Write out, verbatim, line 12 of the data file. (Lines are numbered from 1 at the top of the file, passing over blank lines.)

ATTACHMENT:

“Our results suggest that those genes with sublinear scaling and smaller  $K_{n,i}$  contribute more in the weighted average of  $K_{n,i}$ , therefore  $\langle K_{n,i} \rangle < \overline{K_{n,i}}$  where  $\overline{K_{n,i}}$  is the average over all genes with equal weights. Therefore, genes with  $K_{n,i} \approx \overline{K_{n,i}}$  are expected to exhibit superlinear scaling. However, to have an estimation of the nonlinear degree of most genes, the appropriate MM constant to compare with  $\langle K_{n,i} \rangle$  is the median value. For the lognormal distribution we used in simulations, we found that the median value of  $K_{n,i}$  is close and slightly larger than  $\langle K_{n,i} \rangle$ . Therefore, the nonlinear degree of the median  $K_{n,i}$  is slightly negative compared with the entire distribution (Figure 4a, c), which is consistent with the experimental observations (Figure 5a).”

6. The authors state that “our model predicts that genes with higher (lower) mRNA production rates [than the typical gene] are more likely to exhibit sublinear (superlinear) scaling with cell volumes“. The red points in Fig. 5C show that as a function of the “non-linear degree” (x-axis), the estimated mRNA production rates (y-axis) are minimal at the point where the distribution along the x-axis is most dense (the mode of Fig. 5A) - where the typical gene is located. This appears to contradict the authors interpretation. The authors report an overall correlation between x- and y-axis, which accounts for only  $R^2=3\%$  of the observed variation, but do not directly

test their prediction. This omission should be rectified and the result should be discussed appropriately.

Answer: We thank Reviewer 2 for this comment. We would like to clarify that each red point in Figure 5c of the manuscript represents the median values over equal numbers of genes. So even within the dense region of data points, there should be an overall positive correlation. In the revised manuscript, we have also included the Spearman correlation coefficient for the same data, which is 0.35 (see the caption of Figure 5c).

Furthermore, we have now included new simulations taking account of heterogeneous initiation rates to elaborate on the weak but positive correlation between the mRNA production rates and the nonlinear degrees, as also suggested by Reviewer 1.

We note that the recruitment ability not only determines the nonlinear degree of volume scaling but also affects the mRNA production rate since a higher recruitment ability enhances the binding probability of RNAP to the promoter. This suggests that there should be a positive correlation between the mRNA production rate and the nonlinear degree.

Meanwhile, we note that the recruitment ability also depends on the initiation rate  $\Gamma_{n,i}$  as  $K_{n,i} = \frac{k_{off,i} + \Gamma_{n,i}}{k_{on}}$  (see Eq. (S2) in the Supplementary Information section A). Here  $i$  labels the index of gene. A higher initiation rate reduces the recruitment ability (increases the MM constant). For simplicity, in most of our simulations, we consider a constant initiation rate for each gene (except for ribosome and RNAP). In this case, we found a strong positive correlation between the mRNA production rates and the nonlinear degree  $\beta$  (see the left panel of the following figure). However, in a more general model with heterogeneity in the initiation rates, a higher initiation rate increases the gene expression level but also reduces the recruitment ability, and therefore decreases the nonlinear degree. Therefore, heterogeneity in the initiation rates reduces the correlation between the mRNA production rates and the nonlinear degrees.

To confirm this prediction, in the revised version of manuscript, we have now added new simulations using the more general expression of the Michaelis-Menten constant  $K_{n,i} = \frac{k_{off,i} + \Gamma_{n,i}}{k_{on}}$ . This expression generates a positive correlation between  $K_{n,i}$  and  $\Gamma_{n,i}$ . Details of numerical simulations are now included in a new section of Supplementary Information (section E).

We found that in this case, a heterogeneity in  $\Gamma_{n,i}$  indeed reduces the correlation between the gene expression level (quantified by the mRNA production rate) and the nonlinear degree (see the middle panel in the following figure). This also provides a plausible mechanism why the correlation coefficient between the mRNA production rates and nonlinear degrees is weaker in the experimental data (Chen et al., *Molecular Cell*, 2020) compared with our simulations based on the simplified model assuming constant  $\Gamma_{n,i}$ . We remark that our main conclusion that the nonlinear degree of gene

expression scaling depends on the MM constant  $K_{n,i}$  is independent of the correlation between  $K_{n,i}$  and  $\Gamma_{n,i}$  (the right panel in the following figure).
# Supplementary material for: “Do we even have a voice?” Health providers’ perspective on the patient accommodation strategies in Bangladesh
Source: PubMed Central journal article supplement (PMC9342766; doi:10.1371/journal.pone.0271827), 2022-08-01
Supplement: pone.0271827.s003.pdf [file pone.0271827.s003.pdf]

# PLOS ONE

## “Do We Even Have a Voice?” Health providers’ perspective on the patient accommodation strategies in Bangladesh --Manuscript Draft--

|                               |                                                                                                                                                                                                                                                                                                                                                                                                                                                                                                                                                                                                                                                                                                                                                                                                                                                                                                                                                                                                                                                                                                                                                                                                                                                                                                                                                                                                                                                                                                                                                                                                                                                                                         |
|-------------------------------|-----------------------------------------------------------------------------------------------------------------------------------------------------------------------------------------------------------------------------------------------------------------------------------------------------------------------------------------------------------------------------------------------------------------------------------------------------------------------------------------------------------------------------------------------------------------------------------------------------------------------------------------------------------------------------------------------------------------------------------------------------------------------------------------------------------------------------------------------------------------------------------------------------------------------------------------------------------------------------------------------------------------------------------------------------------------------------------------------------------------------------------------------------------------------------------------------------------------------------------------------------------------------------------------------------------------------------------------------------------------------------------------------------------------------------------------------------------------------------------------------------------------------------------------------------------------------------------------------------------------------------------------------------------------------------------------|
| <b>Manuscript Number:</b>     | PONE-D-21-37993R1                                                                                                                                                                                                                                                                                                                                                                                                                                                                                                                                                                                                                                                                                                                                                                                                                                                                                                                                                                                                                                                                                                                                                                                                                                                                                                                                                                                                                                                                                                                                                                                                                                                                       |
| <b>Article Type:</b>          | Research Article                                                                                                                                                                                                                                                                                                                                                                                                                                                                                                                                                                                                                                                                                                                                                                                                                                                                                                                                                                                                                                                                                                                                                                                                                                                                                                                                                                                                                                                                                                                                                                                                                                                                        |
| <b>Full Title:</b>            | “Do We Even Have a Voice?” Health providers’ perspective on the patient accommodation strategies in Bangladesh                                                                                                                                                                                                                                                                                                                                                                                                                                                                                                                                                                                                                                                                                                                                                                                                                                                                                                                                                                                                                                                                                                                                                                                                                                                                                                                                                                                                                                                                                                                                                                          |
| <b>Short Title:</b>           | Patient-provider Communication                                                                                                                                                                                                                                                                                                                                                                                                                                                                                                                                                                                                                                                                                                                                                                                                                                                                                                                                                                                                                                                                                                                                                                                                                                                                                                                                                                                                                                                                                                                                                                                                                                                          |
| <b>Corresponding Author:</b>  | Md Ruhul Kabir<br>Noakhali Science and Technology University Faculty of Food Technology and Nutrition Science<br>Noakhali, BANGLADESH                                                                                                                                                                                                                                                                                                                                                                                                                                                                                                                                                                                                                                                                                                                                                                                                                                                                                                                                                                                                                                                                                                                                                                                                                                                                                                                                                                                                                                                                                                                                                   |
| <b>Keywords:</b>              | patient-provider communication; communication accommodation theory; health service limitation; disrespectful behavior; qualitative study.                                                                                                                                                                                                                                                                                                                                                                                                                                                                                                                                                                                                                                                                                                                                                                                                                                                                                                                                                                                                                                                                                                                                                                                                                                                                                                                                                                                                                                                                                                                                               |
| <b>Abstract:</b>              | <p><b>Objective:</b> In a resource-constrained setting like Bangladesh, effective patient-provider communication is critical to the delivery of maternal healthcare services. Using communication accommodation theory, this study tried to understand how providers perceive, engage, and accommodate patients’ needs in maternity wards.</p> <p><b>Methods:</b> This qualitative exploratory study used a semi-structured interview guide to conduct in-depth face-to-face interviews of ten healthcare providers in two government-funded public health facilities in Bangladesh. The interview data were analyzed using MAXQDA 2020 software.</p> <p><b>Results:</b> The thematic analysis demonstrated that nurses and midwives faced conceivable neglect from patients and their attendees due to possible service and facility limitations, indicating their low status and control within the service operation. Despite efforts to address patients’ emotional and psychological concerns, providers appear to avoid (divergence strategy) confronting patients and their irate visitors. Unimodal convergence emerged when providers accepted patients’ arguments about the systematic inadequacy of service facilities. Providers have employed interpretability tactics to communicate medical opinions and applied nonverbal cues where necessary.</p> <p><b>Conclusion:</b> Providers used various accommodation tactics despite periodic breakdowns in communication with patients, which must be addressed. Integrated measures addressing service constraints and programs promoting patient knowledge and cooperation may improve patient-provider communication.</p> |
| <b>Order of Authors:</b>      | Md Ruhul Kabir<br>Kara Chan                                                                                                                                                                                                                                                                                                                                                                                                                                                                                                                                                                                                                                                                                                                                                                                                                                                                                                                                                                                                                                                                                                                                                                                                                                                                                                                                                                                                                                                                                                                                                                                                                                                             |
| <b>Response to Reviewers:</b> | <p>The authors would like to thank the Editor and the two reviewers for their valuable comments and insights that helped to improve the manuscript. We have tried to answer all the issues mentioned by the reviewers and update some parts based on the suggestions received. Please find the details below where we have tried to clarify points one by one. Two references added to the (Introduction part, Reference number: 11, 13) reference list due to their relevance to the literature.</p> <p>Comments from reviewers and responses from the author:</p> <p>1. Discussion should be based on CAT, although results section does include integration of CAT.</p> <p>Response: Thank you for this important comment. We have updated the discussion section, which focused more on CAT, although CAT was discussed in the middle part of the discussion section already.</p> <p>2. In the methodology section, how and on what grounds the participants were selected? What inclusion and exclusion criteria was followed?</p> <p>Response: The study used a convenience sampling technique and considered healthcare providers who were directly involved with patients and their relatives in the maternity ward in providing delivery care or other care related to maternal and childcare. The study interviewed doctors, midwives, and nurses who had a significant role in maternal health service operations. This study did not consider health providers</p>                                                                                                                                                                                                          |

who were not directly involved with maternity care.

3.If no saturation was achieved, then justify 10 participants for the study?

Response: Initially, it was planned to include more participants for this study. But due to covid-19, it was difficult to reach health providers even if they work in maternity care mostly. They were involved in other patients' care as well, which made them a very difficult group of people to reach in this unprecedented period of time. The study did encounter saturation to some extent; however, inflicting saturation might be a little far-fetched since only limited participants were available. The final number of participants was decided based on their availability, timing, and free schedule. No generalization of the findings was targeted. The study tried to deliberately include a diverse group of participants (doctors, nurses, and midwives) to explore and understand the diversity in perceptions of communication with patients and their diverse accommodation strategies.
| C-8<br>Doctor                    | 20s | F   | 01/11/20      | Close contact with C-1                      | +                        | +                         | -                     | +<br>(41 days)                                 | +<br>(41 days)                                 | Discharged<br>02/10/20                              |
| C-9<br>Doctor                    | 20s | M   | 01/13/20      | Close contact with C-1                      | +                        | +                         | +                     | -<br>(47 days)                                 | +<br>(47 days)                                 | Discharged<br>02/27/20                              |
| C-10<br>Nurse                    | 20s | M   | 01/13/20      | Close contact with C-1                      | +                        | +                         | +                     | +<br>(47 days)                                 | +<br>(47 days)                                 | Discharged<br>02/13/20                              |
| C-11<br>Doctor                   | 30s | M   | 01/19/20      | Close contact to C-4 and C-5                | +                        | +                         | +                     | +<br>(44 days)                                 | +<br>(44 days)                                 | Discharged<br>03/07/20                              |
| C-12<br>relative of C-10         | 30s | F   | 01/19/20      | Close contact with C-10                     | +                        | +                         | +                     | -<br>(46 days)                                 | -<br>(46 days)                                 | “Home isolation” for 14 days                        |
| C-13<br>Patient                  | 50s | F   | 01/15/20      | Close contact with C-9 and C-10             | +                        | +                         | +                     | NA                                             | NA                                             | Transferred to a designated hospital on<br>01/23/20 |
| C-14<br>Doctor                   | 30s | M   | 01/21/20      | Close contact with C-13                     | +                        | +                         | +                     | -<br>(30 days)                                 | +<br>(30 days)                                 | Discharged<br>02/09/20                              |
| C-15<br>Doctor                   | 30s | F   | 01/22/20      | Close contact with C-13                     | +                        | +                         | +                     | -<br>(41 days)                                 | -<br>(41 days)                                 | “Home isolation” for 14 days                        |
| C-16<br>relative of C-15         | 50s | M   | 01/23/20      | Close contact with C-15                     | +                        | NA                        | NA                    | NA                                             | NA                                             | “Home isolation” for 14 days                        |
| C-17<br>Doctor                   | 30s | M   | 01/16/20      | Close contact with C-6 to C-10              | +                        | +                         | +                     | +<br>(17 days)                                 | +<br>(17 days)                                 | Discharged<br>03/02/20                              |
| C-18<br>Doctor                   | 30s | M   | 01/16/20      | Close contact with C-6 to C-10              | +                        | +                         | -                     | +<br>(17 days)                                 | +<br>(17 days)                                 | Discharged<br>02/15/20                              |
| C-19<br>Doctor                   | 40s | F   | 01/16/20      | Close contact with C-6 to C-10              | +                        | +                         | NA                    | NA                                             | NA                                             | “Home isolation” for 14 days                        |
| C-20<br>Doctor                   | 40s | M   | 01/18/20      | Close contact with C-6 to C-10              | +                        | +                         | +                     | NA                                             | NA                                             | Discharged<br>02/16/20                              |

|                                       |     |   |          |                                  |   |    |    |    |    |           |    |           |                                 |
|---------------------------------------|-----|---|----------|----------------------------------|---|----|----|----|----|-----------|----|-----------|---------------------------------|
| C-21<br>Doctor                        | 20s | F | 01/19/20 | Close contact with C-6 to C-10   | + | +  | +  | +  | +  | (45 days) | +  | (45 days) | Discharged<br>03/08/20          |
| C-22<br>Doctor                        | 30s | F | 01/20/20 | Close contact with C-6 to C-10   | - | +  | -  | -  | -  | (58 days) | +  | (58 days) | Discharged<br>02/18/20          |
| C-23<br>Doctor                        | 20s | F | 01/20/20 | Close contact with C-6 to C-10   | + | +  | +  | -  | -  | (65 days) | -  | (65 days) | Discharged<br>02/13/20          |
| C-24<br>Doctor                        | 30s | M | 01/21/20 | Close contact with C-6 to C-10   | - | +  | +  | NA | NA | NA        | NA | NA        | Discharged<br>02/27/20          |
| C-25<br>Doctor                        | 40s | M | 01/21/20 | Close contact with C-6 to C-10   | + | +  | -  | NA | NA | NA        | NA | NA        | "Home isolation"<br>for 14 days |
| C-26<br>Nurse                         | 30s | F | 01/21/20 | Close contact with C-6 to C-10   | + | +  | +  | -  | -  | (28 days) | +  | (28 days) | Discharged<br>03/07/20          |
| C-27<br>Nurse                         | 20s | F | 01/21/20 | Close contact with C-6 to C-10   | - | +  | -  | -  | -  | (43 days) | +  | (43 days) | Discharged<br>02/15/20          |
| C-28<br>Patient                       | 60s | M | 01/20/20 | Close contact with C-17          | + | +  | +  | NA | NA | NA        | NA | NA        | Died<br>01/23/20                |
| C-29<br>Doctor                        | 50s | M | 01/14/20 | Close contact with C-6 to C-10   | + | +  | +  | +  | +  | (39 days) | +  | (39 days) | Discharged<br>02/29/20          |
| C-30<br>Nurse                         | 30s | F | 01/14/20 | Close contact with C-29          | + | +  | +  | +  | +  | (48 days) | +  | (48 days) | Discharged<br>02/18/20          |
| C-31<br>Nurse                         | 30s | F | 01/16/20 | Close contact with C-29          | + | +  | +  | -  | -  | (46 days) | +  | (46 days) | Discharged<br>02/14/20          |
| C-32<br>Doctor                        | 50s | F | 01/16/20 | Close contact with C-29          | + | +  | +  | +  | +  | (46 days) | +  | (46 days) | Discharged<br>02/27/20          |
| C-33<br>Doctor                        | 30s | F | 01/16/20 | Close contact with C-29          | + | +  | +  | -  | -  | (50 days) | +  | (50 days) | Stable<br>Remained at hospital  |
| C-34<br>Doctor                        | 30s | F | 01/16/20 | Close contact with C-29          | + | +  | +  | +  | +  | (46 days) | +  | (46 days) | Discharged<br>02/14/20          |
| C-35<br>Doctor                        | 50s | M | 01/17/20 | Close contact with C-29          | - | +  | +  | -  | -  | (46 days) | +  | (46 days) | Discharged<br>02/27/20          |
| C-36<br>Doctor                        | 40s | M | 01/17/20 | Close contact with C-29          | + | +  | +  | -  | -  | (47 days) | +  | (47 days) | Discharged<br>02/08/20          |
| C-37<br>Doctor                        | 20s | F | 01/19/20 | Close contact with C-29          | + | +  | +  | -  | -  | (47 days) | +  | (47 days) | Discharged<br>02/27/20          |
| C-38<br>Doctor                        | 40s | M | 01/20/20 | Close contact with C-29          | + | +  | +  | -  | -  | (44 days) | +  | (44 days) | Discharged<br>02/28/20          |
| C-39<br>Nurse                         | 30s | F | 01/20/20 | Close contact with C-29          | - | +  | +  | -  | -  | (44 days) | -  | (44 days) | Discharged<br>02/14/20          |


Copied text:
Source: PubMed Central journal article supplement (PMC9342766; doi:10.1371/journal.pone.0271827), 2022-08-01